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Housing First intake tool criticized
Advocates concerned some people may be overlooked

Shane Magee
Northern News Services
Friday, February 3, 2017

Flaws have emerged with a screening tool used to determine who gets placed in the city's Housing First program.

Ten placed in Housing First

Ten people have been placed in apartments through the city's Housing First program, reaching the midway point of its goal.

The ninth and tenth people were placed in January, according to Bree Denning, executive director of the Yellowknife Women's Society, which is contracted to run the program by the city.

The society was awarded the contract to run the city's Housing First program last year and the first person was placed in housing in October. The program, funded by the federal government until March 2019, has a goal of housing 20 chronically homeless people. It has a staff of four.

"We're ahead of the schedule that I had anticipated," Denning said, adding they're going to pause intakes for a short while to review policies and procedures.

The program has been working with Northview REIT to house people in apartments in its buildings scattered throughout the city.

"The landlord has been fantastic so far," she said, adding complaints have been addressed as they arise.

Those who have been placed in housing have remained in the program, she said.

In November, there were four women and four men participating in the program, all of them indigenous.

Housing First aims to reduce homelessness by putting people first into housing, then providing support services for things like addictions and mental health.

People considered for placement are screened with a vulnerability assessment tool where they must self-disclose aspects of their health and housing history. The system rates people on factors such as risk of death and diagnosed health issues. Because of that, it tends to favour older people and those who can accurately describe their own conditions.

The Yellowknife Women's Society, contracted by the city to administer Housing First, has noticed issues.

"We are noticing that there are some shortcomings in terms of youth," said Bree Denning, executive director of the society, on Tuesday.

"Younger individuals might have the same problems (as older people) that will lead to (health conditions) down the line, but they haven't lived long enough to have those conditions show up."

The issue arose Monday during a Community Advisory Board on Homelessness meeting when a request for funding to train more people to administer the screening tool was considered.

The city committee oversees the city's homelessness initiatives, including Housing First.

"My youth have not lived long enough to be chronically homeless," said Iris Hamlyn, executive director of SideDoor Youth Ministries, at the meeting.

She said she doesn't bring forward potential youth candidates because of the screening tool.

SideDoor runs a 12-bed emergency youth shelter, transitional housing at Hope's Haven and day programs at its resource centre. It recently began its own Housing First program, with its participants selected with a vulnerably assessment tool.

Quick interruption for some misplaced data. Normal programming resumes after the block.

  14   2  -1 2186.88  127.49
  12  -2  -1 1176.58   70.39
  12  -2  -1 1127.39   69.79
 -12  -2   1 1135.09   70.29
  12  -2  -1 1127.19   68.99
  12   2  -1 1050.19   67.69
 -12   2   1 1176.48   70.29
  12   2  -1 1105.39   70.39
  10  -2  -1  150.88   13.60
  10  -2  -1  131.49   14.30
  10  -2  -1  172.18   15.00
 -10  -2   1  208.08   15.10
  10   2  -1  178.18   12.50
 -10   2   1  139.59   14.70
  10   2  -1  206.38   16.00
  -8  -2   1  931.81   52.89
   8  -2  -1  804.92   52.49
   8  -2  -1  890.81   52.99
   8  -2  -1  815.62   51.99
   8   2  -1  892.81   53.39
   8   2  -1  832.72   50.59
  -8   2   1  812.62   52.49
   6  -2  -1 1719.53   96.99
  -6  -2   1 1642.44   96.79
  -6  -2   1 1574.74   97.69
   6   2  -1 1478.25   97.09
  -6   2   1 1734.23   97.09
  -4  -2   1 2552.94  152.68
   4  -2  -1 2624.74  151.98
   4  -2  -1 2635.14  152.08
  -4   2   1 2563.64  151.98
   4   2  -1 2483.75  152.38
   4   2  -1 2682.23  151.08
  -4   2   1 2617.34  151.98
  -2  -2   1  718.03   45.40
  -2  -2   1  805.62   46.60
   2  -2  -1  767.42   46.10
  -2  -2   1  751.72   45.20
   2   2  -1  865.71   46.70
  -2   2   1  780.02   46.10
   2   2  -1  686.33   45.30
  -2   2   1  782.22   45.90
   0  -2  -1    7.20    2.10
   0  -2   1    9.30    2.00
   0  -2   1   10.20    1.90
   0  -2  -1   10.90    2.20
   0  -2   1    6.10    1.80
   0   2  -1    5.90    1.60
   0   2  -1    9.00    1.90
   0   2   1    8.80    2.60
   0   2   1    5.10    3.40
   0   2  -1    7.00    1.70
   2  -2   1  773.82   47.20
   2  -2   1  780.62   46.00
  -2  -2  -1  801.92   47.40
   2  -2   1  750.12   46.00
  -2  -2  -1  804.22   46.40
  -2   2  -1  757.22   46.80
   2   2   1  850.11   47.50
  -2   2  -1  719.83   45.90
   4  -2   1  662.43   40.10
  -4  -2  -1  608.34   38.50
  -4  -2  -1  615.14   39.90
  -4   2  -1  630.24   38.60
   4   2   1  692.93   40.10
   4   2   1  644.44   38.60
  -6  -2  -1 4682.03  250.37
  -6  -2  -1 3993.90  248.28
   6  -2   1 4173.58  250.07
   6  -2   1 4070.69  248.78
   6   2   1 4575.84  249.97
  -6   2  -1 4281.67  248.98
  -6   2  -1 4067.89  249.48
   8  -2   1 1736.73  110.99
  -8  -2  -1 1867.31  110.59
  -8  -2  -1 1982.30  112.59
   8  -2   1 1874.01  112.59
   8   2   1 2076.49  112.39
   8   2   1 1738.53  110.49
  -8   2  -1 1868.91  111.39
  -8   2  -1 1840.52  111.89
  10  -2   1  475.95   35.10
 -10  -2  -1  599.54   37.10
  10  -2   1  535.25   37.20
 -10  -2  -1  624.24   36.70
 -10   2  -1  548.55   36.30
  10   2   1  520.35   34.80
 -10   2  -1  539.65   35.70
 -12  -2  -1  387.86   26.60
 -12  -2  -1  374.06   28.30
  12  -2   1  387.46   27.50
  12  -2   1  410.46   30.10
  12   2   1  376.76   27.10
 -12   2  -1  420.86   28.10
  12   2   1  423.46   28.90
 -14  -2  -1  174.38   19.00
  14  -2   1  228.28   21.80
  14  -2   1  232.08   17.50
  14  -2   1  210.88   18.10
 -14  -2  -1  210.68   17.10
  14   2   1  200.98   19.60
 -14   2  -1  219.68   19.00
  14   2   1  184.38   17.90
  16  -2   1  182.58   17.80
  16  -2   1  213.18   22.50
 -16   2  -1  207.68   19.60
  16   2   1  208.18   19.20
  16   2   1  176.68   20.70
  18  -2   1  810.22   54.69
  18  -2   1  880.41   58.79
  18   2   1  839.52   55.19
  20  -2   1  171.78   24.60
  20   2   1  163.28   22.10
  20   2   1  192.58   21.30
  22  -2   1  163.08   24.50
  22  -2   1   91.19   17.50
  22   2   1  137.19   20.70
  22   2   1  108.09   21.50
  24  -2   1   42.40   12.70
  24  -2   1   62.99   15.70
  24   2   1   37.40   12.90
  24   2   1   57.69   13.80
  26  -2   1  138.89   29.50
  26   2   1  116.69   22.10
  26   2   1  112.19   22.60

The screening tool is a standard one used elsewhere in the country and is supposed to objectively rank who is most in need of being admitted to Housing First. It was selected by the city's advisory board about a year ago based on the strong recommendation by the Canadian Alliance to End Homelessness, according to Coun. Linda Bussey.

"It's a good tool - it just needs to be refined," she said.

The results are considered by a Housing First intake committee that includes representatives of city shelters as well as Lydia Bardak. The committee also considers a person's criminal history and safety issues.

Dayle Hernblad, the city's homelessness co-ordinator, said a recent intake committee meeting was considering two candidates.

"It was only through the community knowledge that one person was absolutely elevated in need and risk because of that un-diagnosis - or no diagnosis - of developmental or health. A lot of them can't share that information," she said.

Denning said the committee isn't supposed to rely on personal knowledge of those being considered but instead use the screening tool results to objectively decide who to take on.

The screening tool is being revised, Hernblad said, to better reflect youth and families facing homelessness, though it wasn't clear if that would address the issues raised at the meeting.

Denise McKee, executive director of the NWT Disabilities Council which runs the Safe Harbour Day Shelter on 49 Street, also raised concerns. In an interview, she said some people are "so far off the grid" they aren't diagnosed with issues and may not be able to articulate what problems they face during the screening.

Within the people who attend the shelter, there are some who haven't been considered who could be considered chronically homeless, McKee said.

"We know we have chronic people that we believe would be identified as probably the most chronic for Housing First and they're not placed. I can't make a comment on people that have been. I don't know who their identities are so can't make a comparison," she said.

McKee said decisions made based on the screening tool could result in a backlash if residents continue to see the same people on city streets because they're not included in the very program meant to help them.

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